One of my early fishing guide mentors had a favorite saying, usually issued while witnessing the belabored acts of an obvious nitwit. "Amateurs teaching amateurs to be amateurs", Johnny would say, with a slight head shake. It was always good for a laugh and made of distinct point of whatever knuckleheaded thing they happened to be doing; jack-knifing trailers down the boat ramp, high centering a loaded raft on the only exposed rock in the river, flailing away with a bird's nest tangle in their flyline. It was always amateurs teaching amateurs to be amateurs.

When I was a rookie guide I was in many ways an amateur myself. Nothing exposes a person quite like being paid for your expertise in any given arena while not quite being an expert yet, but this is how the professional fishing guide system often works. School of hard knocks, learn on the fly, fake it 'til you make it. Work real hard and hopefully folks won't notice you don't quite know what you're doing yet. 

I remember distinctly the moment I perceived that I had gotten off amateur status in Johnny's eyes. I was working on his Smith River crew for a half dozen consecutive, five day trips where we broke down and set up camp daily. It was laborious grunt work hauling huge amounts of gear from the boats to camp and back, setting up and breaking down tents, cots, the kitchen, the food, everything. As I rolled up a camp table, the same Roll-A-Table every damn fishing guide in the west has owned at one time or another, Johnny said "That's wrong, we roll our tables blue side out."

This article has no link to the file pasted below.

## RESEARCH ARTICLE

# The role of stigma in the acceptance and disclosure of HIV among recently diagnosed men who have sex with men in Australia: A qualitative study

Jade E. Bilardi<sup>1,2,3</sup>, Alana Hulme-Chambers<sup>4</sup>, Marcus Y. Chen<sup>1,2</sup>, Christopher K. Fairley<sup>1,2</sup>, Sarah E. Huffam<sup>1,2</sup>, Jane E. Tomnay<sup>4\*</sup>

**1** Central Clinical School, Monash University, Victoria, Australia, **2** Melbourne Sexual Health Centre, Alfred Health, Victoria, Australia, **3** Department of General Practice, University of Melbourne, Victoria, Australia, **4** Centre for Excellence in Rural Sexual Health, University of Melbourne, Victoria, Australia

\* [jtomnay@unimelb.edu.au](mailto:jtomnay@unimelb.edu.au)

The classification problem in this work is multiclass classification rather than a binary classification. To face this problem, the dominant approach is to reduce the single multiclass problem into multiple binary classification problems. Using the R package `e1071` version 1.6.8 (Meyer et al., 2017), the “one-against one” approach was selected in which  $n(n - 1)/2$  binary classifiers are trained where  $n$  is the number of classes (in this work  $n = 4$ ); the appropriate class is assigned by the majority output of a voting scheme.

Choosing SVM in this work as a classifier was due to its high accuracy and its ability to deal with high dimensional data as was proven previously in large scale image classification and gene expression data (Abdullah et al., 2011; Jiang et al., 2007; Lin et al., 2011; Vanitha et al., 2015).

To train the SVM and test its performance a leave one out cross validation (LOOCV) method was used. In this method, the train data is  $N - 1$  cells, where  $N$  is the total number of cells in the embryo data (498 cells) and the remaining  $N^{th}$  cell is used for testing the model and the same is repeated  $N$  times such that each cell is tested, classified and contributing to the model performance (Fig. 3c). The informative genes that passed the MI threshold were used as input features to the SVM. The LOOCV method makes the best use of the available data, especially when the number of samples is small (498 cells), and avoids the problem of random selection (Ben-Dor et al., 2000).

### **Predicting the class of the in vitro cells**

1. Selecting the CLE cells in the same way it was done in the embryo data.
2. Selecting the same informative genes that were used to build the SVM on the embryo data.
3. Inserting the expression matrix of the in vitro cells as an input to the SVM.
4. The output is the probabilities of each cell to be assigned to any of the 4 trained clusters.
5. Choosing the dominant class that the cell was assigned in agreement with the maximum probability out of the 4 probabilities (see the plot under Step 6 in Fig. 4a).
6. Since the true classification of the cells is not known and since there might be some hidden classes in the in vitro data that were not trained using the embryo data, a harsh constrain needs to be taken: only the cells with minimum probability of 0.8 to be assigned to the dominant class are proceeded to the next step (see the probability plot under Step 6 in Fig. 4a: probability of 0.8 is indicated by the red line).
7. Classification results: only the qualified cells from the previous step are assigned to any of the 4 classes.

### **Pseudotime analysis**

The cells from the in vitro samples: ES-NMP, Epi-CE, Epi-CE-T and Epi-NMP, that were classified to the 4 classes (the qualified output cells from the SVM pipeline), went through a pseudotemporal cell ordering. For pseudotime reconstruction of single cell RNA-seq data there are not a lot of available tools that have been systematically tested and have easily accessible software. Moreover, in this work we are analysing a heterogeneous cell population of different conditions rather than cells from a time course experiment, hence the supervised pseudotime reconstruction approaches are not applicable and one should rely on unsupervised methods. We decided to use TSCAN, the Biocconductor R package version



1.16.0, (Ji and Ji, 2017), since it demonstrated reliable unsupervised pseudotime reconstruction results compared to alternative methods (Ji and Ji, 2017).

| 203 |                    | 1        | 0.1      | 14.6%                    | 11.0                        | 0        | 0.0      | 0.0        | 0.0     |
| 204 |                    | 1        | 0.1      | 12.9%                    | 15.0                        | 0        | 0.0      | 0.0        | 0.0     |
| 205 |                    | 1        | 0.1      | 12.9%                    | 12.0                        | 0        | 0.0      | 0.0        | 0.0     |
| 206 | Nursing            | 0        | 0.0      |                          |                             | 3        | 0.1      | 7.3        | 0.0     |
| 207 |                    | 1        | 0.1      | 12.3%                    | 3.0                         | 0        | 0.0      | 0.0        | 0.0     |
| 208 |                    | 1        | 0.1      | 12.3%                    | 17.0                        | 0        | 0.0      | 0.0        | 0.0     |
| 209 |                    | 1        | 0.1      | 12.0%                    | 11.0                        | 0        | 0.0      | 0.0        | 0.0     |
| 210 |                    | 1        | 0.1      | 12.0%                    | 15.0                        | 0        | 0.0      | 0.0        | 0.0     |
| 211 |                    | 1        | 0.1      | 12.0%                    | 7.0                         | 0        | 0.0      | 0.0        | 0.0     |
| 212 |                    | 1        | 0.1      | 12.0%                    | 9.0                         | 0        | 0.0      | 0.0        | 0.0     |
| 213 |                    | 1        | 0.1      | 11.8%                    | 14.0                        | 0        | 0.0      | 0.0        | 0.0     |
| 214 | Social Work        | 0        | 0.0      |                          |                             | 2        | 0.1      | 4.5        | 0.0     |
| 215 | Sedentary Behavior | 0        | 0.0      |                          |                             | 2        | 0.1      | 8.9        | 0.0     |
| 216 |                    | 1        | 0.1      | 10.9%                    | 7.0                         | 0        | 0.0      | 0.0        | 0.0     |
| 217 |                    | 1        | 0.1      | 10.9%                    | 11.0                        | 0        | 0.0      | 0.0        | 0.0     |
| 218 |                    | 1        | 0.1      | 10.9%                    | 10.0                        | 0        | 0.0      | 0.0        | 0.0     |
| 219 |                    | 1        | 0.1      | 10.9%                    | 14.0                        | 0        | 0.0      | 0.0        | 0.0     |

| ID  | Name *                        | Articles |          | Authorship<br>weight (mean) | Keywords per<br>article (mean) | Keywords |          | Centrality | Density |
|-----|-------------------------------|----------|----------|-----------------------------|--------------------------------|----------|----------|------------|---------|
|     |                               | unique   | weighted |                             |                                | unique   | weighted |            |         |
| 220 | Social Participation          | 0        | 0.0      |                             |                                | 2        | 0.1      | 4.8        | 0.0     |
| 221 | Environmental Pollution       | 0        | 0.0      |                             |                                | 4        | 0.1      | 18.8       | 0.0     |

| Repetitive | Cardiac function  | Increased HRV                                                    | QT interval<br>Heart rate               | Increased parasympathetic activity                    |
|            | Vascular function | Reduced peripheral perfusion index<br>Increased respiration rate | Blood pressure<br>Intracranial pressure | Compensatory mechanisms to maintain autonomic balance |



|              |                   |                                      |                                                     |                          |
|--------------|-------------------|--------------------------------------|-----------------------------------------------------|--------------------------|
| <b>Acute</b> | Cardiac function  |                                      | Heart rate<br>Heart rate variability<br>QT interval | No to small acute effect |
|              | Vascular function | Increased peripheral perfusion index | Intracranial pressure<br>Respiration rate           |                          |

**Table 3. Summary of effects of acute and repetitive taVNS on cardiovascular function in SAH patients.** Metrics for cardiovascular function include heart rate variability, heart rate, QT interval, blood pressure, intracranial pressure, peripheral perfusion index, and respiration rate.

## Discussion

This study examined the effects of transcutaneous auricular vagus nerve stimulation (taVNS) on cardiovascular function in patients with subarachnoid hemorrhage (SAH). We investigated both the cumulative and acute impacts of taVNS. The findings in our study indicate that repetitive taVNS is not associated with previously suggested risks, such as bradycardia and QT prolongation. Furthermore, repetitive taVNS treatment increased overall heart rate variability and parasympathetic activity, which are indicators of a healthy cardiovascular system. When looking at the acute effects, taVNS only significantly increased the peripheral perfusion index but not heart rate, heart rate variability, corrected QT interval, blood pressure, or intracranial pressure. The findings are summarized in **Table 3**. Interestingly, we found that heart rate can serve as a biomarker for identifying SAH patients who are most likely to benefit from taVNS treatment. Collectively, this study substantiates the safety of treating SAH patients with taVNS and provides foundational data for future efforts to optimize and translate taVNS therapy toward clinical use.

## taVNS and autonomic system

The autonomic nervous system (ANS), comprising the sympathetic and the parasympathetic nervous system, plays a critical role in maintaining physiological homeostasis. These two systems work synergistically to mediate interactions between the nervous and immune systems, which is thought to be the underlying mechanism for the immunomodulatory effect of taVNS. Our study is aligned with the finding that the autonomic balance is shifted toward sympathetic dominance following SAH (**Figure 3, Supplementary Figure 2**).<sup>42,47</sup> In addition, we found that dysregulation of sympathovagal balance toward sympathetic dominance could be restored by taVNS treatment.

"But if we roll them blackside out, we'll wear the underside of the table more and they'll last longer", I said. Johnny was never one to miss out on chance to be thrifty.

There was a long silence as he considered this out of the box logic and then bellowed across camp, "Hey everybody, from now on we roll tables black side out."

That was it, amateur status lifted. Now I was just a rookie.   

We're all fishing greenhorns at some point in our lineage as an angler, and having a mentor coach you through the process toward proficiency is a savvy short cut on the road to personal trout nirvana. As a mentor to many anglers now myself, I can say without hesitation that you can learn in many different ways, even from the actions of amateurs.